Bernard O'Riordan, Clarity Media Trainer
When it comes to dealing with the media, very few words are deadlier than “no comment”. You might as well admit guilt, because that’s how that innocuous phrase is most often interpreted by reporters - and the public.
So many people instinctively think they can hide behind the phrase “no comment”, either on the advice of their lawyers or on the assumption that it keeps them safe.
That might work well in a police interrogation, but it's deadly when dealing with the media.
A "no comment" response really can be like a red rag to a bull because it instantly puts you or your organisation in an adversarial position with a reporter, it implies you have something to hide and it allows a reporter to speculate as much as they like.
Whenever someone says “no comment”, it makes them instantly powerless because they’re really surrendering control over how a situation will be reported, as this story highlights.
It encourages a reporter to dig deeper and talk to others who will put their thoughts on your issue – possibly with inaccuracies or from perspectives that do you or your company no favours.
That’s why - when a reporter is asking tough, tricky or even fair and reasonable questions that you can't or don't want to answer - it’s much wiser to arm yourself with some other non-committal statements that don’t sound so defensive or uninformed.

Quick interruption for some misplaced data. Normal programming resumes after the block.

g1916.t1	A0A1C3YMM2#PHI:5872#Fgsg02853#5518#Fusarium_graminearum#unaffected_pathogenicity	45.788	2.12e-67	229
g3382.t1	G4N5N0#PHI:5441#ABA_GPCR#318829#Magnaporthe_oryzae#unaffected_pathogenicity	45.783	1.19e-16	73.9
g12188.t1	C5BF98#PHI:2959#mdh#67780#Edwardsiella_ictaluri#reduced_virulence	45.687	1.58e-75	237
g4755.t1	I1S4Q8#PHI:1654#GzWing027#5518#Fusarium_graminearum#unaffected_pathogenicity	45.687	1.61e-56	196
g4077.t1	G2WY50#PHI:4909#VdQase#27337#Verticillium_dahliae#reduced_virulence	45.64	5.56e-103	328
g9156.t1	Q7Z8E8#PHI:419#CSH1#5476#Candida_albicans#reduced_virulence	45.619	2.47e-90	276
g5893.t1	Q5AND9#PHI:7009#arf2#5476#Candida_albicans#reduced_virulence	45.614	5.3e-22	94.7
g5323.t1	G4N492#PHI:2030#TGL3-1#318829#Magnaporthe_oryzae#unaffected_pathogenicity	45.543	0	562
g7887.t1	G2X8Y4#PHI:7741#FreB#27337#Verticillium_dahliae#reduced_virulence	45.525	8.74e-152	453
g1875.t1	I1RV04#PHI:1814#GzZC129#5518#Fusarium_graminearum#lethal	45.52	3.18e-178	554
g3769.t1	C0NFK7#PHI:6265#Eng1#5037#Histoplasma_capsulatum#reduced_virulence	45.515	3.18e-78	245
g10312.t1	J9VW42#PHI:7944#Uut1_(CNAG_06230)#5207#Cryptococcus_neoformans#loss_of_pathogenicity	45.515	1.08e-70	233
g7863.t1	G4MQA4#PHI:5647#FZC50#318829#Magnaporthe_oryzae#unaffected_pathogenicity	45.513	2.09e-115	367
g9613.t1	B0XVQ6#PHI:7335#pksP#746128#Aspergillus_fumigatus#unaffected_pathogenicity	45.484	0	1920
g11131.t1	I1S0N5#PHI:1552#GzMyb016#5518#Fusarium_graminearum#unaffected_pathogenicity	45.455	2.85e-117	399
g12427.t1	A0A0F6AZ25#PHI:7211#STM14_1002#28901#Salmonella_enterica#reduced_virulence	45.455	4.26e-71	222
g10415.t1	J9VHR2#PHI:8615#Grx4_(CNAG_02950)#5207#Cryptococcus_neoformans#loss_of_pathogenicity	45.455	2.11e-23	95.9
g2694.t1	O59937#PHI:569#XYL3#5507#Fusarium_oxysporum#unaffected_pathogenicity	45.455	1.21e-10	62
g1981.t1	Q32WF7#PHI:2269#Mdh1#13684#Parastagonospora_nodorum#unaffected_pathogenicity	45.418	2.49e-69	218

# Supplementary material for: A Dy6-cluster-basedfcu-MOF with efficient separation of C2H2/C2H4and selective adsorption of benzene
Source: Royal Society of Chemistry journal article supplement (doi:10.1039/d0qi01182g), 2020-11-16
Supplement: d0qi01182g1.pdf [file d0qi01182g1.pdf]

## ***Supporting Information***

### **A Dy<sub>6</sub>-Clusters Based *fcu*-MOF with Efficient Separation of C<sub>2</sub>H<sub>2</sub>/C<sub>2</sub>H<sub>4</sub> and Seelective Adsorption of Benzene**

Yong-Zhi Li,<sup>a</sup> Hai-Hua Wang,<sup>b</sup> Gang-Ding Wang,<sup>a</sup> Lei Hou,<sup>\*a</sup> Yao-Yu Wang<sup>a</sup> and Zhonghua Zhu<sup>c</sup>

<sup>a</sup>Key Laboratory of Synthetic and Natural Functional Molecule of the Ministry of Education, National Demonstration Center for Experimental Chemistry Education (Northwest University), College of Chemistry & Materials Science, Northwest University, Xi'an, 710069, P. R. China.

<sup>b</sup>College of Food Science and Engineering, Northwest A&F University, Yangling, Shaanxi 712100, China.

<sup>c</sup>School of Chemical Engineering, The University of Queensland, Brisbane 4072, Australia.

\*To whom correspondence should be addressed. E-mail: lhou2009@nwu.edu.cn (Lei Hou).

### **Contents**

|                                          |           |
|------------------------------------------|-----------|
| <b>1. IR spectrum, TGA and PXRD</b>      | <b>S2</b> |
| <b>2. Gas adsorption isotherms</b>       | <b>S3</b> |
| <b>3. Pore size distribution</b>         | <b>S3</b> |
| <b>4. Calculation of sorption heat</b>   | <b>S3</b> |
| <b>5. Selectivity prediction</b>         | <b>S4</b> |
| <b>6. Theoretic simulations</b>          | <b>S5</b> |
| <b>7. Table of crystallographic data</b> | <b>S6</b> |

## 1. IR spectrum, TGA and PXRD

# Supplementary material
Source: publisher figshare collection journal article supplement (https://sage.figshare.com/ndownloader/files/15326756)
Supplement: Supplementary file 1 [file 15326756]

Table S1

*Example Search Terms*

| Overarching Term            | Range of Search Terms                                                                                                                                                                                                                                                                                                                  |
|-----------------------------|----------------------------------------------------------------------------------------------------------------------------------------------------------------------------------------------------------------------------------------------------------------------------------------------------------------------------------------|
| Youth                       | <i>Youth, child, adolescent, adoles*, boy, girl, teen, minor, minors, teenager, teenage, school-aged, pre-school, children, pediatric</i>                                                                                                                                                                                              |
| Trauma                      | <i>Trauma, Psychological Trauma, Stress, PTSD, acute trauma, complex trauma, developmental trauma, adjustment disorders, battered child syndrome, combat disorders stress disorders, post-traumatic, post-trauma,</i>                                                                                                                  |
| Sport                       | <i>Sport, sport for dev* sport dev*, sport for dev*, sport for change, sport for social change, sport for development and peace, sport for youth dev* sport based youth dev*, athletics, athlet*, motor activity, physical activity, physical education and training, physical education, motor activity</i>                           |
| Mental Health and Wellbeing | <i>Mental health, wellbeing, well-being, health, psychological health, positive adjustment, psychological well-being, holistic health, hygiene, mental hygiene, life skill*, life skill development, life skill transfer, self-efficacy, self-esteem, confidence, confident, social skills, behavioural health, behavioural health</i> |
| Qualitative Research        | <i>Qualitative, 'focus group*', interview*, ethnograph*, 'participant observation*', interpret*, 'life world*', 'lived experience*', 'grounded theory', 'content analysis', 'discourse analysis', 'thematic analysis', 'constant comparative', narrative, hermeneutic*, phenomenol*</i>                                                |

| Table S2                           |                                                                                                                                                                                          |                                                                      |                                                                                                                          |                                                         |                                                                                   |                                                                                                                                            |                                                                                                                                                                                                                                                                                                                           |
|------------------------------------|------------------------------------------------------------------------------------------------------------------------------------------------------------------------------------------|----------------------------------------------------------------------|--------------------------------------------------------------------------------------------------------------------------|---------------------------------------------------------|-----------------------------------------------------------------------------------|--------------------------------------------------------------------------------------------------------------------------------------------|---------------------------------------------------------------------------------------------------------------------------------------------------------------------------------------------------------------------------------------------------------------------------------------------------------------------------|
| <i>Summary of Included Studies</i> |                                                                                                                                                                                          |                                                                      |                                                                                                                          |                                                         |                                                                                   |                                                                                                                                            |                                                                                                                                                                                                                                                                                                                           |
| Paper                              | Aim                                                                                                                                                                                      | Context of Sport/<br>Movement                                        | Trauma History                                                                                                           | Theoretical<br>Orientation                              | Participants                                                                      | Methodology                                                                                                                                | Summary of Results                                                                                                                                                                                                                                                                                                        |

Depending on the situation, you could respond with: “I understand your interest, but I don’t have anything to add”; “I’m sorry but that’s not something I can’t help you with right now”; or “It’s not appropriate to say anything at this time.”
No one response fits all circumstances, particularly when things are out of your control. But you’ll give yourself a much better chance if you can avoid the knee-jerk “no comment", and even provide a reason why you won’t or can’t help.
The funny thing about “no comment”, in many instances, is that what people really mean is “I don’t know”. So if you can’t help a reporter because you just don’t have the facts, it’s often better to say so.
Here are a few simple tips to consider if you have reporters in your face:
Acknowledge: Tell a reporter that you understand why they’re asking for a view or comment, but explain why that’s not possible;
Assure: Provide some comfort and trust that you are doing everything you can to identify a problem or resolve an issue. Often your brand or reputation hinges on how you respond in a crisis, and “no comment” provides no comfort to anyone;
Explain: Maybe a matter is before the courts, or maybe you or your company are still gathering the facts on a situation. Give a reason why it would be inappropriate to talk now, but keep it nice in case you want to talk at a later stage.